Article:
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Systems) and isotope compositions by an IsoPrime High Performance IRMS (VG Instruments). All measurements were performed in duplicates and the results reported in d-notation in per mille (‰) relative to Vienna PeeDee Belemnite (VPDB) for carbon and atmospheric nitrogen (AIR) for nitrogen. The raw data were normalized using two-point calibrations based on USGS 40 and IAEA N2 for nitrogen and IAEA CH6 and CH7 for carbon (Paul, Skrzypek, and Fórizs 2007). Measurement errors are less than 50.2‰ for nitrogen and 50.1‰ for carbon.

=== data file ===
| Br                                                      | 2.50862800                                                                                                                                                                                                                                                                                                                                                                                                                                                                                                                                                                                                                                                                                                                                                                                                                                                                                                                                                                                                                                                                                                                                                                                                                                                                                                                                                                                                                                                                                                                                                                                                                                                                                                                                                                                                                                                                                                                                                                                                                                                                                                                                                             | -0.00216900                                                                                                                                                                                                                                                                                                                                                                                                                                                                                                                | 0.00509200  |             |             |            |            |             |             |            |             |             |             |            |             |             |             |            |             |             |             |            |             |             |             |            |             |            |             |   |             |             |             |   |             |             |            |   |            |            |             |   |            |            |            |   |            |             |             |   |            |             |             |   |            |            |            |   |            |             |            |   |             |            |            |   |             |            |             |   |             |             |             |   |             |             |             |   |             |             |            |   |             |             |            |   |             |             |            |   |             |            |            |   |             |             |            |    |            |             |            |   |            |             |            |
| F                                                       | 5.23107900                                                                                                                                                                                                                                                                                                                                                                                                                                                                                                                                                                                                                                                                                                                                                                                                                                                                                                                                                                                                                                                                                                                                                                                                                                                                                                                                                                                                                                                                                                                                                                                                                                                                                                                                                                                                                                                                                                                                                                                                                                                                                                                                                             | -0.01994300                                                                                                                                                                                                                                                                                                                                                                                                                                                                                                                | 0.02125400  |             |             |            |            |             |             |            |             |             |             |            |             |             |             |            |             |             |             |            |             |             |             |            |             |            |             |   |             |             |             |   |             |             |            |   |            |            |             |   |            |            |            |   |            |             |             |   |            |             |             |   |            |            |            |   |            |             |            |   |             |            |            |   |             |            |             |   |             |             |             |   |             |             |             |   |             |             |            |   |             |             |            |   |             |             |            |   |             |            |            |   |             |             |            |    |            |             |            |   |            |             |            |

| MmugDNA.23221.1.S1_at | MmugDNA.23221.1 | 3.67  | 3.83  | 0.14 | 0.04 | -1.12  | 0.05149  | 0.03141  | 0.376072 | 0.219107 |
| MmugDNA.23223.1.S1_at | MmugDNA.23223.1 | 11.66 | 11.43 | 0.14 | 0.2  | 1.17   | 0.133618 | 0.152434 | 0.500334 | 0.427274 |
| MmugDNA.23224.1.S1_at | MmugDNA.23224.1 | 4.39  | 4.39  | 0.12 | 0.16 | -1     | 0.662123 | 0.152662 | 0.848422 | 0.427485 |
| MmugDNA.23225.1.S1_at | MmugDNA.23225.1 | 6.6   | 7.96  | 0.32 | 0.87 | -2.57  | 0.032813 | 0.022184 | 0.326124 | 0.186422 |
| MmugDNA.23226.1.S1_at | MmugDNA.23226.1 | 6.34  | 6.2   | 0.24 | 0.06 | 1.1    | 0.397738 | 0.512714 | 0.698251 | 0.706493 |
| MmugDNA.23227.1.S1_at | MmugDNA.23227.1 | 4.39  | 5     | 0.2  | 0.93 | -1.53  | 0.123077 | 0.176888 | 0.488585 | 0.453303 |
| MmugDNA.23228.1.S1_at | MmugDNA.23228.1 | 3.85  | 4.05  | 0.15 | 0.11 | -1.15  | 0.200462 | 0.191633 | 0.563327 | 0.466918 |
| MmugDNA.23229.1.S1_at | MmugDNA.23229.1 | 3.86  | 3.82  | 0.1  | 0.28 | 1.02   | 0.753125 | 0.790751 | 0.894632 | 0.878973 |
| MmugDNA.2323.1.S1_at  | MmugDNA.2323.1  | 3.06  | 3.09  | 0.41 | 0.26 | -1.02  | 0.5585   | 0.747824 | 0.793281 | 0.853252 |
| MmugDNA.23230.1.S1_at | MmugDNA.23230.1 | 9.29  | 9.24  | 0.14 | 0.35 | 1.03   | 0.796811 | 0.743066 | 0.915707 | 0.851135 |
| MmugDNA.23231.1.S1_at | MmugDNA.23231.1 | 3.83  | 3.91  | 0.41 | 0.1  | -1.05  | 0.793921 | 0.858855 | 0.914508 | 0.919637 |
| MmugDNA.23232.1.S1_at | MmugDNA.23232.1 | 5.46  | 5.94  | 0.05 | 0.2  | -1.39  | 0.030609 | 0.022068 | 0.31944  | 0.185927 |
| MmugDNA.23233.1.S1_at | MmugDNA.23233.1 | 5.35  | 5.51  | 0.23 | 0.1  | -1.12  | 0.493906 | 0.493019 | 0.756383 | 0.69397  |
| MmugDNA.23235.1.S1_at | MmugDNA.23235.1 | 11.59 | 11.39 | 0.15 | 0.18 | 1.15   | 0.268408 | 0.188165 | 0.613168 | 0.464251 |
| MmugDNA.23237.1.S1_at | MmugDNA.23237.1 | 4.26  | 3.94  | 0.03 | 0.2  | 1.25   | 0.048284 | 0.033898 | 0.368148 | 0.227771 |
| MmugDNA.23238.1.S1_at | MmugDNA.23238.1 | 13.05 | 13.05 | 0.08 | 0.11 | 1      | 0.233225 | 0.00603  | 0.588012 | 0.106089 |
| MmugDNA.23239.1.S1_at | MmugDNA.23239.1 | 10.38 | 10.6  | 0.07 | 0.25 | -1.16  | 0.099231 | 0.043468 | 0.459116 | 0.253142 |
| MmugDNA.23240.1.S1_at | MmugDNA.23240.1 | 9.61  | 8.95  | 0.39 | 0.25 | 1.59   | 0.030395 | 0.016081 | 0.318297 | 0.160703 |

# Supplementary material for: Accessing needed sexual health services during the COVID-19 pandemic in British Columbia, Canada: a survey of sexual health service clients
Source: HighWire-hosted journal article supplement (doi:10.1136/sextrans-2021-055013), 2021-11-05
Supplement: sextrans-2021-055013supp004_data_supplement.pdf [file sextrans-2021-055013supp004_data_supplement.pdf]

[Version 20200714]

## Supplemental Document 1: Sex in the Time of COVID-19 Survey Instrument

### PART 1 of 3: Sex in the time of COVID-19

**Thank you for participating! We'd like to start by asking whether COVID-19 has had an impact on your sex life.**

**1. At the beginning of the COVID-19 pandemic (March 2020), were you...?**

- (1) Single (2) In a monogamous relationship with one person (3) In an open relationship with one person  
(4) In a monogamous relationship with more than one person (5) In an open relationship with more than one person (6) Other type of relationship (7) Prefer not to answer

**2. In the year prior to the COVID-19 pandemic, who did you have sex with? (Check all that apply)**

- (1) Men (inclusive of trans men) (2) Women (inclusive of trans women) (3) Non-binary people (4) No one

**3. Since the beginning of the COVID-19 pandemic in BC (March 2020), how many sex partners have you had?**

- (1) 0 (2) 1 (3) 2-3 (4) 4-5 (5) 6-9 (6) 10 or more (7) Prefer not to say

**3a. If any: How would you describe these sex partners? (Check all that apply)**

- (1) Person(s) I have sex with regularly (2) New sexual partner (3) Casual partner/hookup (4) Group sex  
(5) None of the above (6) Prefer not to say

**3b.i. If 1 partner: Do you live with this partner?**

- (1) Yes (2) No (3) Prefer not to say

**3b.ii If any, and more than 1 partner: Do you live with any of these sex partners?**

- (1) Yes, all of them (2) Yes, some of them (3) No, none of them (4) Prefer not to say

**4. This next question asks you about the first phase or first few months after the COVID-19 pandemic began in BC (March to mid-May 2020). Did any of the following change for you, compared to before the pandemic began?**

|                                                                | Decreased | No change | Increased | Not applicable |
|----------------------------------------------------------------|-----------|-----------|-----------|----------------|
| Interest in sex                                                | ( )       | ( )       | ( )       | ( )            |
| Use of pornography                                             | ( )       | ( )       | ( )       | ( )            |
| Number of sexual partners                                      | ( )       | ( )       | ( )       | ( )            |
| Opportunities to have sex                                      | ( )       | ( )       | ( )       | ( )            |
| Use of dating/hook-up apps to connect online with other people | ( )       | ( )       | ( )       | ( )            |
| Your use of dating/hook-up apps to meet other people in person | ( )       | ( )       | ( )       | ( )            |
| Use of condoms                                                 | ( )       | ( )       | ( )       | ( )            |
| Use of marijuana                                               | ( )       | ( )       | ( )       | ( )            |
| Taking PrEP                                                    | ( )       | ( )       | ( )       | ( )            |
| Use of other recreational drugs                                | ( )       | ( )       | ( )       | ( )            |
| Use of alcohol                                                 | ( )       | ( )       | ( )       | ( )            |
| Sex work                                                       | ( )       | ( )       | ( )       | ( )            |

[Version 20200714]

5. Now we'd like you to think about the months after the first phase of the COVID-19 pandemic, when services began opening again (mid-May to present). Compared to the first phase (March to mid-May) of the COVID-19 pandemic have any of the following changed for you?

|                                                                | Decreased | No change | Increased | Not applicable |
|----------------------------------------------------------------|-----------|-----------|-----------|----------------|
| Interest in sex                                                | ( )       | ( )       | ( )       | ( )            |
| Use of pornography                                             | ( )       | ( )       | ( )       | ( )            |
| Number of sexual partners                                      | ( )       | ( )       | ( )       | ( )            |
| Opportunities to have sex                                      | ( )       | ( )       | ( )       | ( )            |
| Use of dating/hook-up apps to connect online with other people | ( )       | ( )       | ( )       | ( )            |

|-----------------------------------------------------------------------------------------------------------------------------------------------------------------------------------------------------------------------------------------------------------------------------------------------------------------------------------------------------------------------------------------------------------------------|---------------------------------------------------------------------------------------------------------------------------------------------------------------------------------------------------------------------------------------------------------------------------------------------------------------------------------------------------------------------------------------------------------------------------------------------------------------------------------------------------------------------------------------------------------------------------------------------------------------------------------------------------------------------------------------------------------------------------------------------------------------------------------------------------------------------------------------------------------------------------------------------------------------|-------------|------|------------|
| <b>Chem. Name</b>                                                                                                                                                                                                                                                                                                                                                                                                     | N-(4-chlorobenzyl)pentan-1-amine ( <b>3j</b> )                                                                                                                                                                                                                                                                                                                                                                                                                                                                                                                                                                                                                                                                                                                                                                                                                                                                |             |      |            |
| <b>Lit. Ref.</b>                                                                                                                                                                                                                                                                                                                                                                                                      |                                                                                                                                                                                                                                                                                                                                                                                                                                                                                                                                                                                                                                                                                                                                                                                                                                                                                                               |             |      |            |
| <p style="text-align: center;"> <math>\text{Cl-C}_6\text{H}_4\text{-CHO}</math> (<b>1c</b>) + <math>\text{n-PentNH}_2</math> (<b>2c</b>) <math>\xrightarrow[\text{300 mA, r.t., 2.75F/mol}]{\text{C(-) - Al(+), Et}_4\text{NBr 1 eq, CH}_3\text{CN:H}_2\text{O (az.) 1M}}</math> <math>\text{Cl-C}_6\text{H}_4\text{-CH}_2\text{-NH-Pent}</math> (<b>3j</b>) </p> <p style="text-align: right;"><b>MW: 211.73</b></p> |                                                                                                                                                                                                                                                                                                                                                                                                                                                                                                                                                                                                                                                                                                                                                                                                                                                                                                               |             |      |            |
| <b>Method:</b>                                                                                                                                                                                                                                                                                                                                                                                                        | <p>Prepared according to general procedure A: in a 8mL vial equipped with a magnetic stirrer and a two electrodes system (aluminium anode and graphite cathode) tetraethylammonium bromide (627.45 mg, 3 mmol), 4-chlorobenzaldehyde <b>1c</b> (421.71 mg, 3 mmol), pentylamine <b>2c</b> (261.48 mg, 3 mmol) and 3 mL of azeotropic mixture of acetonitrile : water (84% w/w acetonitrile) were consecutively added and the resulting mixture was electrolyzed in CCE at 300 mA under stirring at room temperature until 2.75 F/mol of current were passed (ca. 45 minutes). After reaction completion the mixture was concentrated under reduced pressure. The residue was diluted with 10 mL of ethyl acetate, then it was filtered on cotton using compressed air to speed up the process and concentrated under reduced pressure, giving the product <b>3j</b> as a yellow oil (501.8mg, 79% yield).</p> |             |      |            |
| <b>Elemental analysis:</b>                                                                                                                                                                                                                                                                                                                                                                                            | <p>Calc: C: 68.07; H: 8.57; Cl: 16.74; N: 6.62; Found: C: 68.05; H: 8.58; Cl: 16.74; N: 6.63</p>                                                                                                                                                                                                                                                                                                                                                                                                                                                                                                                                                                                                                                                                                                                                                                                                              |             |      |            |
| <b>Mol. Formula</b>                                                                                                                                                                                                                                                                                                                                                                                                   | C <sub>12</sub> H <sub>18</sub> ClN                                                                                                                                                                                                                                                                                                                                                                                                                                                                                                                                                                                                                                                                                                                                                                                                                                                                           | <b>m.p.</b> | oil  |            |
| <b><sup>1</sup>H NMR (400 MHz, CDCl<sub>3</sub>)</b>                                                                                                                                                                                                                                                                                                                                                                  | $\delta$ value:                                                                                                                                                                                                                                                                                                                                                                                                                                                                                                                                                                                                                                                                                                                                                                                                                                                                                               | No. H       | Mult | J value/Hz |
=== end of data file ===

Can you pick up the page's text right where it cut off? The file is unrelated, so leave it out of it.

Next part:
Dietary Characteristics of the High-Status Individuals The carbon and nitrogen isotope data of the elite individuals and the comparative human and faunal samples are presented in table S1 and figure 3 and are summarized in table 1. We assess the isotope spacing between the humans and the fauna based on averages of the most frequent domestic animals, including cattle, sheep/goats, horses, and pigs. These species occur in most assemblages and are probable contributors to the human diet. Samples of wild animals, such as red deer, roe deer, wild boar, and pike, as well as domesticates including dogs, cats, and chicken were not always available for analysis and will be considered for further comparison if present. The combined average d13C values of the domestic herbivores (cattle, sheep/goats, and horses) and omnivores (pigs) vary between 222.1 5 0.9‰ at the Glauberg and 221.0 5 0.4‰ at Plötzkau/Röcken (comparatives for Helmsdorf ) and are characteristic for feeding on C3 plants. Their mean d15N values range from 6.1 5 1.3‰ at the Glauberg to 8.8 5 2.2‰ at Magdeburg. The premedieval data are typical for archaeological herbivores from central Europe, while especially the collagen of the pigs from Magdeburg is comparatively enriched in the heavy 15N isotope (d15N p 9.8 5 0.9‰). The average nonelite human collagen d13C and d15N values are always higher than those of the domesticated animals. The mean offsets in d13C vary between 1.0‰ at Plötzkau/Röcken (d13Cnonelite p 220.0 5 0.3‰) and 3.7‰ at the Glauberg (d13Cnonelite p 218.4 5 1.0‰). The average enrichments of 15N in nonelite human collagen compared to the fauna range from 2.4‰ at Magdeburg (d15Nnonelite p 11.2 5 0.6‰) to 3.1‰ at Plötzkau/Röcken (d15Nnonelite p 10.4 5 0.5‰). All archaeologically identified elite individuals exhibited stable isotope ratios that differed substantially from the contemporary nonelite comparison groups. Most strikingly, their d15N values were the highest among each investigated assemblage of human burials. The enrichment in relation to the average nonelite human population was 2.1‰ at Helmsdorf (d15Nelite p 12.5‰) and at the Glauberg (d15Nelite p 10.8‰), 1.3‰ at Morken (d15Nelite p 11.4‰), and 1.8‰ for Queen Edith (d15N p 13.0‰). In comparison to the average domestic faunal data, the d15N values of the prestigious burials